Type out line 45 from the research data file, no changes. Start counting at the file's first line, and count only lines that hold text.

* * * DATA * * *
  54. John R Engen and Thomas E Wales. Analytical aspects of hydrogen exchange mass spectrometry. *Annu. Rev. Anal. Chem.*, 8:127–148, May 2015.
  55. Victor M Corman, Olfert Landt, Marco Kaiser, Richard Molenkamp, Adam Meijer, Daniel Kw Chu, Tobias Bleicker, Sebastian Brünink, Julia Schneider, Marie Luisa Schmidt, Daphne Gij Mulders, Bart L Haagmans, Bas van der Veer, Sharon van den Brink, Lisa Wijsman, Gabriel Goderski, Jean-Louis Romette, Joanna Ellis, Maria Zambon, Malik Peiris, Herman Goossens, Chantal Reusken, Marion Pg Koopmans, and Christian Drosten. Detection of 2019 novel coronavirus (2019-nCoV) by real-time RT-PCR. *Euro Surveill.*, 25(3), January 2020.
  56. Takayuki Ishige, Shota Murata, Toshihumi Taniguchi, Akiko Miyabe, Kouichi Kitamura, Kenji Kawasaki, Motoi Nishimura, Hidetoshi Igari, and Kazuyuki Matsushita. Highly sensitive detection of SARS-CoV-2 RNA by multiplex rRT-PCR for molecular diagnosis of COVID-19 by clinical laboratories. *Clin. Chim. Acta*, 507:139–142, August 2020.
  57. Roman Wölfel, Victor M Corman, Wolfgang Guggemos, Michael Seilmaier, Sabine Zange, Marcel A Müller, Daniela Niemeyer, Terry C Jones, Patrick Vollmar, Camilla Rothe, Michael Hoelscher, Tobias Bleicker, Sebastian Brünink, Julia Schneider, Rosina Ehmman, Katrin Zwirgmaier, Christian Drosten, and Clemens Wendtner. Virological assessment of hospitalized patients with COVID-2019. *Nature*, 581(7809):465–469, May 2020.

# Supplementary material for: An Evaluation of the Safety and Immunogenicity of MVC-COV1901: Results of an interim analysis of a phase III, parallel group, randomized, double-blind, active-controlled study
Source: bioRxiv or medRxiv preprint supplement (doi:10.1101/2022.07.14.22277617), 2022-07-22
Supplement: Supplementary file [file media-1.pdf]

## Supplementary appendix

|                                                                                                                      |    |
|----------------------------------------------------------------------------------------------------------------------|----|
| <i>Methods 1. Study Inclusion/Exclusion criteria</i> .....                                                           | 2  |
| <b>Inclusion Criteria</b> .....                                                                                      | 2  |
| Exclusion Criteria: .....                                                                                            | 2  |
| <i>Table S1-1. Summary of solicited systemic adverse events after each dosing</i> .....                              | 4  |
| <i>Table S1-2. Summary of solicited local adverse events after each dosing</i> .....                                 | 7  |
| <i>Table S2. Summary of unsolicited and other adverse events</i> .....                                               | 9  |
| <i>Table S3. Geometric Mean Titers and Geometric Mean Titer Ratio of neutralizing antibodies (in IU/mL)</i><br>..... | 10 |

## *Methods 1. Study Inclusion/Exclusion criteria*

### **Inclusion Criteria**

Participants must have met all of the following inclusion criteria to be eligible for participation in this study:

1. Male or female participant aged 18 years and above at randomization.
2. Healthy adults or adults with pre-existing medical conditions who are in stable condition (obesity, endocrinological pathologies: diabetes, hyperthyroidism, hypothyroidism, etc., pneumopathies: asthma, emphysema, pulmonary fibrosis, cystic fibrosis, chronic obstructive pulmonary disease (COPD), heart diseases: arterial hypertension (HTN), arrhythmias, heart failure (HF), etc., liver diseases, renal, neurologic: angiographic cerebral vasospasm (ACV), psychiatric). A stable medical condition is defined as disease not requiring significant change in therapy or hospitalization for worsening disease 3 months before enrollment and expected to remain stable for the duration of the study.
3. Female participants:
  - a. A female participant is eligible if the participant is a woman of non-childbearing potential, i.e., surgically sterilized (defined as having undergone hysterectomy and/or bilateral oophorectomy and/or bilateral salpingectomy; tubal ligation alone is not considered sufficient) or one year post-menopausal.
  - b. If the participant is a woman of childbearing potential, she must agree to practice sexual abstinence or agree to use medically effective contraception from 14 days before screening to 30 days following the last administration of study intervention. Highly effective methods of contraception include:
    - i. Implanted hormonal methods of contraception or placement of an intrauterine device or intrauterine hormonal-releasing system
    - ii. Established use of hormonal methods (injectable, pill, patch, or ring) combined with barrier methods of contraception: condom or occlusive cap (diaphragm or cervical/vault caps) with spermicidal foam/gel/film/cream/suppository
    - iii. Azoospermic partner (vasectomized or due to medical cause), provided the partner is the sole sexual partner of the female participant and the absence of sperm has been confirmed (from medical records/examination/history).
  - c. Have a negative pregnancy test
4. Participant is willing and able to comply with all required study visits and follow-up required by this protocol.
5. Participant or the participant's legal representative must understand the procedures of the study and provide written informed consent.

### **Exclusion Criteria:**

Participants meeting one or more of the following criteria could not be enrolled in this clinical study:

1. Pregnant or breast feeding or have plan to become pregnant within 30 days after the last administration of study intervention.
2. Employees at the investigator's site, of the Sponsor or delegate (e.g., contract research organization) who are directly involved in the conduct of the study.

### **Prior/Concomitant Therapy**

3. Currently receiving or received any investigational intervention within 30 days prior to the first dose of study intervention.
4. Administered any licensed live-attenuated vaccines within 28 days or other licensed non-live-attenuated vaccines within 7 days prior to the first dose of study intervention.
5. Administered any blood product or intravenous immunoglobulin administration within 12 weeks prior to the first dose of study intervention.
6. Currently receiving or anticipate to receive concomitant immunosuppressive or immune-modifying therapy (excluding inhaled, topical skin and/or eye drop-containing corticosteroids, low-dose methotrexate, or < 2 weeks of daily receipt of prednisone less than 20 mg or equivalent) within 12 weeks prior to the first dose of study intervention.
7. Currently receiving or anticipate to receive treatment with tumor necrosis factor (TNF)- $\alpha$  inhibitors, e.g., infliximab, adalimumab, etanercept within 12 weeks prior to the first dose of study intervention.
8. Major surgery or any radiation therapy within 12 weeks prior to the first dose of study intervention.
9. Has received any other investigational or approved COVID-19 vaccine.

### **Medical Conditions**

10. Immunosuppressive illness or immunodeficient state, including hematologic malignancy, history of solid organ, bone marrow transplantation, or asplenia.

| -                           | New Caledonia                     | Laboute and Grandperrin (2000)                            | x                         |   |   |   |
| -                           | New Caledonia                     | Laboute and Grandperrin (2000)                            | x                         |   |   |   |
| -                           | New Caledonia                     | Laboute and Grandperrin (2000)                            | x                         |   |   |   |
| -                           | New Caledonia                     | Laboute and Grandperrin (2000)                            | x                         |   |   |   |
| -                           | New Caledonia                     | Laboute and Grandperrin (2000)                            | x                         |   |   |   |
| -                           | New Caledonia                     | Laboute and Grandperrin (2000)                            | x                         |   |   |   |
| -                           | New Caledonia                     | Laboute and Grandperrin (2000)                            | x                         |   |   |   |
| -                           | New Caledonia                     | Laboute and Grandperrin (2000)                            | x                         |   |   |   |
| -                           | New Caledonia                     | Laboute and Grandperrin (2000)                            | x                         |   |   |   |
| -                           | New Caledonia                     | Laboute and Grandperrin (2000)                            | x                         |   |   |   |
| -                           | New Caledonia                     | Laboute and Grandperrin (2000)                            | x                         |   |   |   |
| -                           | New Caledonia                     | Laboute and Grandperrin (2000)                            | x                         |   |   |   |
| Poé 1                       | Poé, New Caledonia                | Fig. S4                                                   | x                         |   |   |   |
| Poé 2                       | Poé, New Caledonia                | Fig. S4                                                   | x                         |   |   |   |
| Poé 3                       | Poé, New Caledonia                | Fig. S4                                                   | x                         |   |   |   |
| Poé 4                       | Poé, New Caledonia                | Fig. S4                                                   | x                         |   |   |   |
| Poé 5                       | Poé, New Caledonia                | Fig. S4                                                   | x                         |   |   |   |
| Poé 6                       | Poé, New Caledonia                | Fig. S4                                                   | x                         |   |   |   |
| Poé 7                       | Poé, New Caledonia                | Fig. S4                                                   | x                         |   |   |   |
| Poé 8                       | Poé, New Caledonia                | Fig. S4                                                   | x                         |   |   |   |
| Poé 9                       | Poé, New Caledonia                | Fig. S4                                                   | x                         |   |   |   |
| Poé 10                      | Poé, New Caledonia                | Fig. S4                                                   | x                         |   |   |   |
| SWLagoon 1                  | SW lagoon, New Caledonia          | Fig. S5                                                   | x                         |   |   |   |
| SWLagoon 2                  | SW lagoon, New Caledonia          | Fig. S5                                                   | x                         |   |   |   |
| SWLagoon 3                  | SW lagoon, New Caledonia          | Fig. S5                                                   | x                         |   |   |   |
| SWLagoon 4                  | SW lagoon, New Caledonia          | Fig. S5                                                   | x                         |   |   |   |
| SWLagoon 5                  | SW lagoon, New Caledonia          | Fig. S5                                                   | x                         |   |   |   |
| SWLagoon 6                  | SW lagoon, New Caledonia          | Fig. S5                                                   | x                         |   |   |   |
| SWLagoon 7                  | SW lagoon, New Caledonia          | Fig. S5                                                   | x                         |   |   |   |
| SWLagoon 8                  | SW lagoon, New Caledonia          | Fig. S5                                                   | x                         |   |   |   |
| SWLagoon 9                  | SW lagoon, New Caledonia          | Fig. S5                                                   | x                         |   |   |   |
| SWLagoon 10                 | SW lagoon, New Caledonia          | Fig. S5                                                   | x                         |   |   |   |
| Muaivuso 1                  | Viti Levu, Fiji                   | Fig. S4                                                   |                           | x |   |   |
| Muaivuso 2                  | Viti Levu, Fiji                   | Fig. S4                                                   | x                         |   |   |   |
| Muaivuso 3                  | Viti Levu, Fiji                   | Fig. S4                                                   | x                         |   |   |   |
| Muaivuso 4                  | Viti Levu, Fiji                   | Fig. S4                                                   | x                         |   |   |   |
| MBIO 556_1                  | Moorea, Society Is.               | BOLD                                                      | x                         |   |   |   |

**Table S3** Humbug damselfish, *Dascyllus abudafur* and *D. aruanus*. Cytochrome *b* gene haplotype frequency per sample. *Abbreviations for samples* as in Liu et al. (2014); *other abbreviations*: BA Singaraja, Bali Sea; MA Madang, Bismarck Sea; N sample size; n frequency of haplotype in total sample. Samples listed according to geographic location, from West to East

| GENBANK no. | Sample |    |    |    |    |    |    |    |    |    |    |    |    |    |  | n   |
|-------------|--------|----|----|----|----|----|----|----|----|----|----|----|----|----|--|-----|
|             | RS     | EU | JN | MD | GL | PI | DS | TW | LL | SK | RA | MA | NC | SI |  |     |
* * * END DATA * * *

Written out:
10. Immunosuppressive illness or immunodeficient state, including hematologic malignancy, history of solid organ, bone marrow transplantation, or asplenia.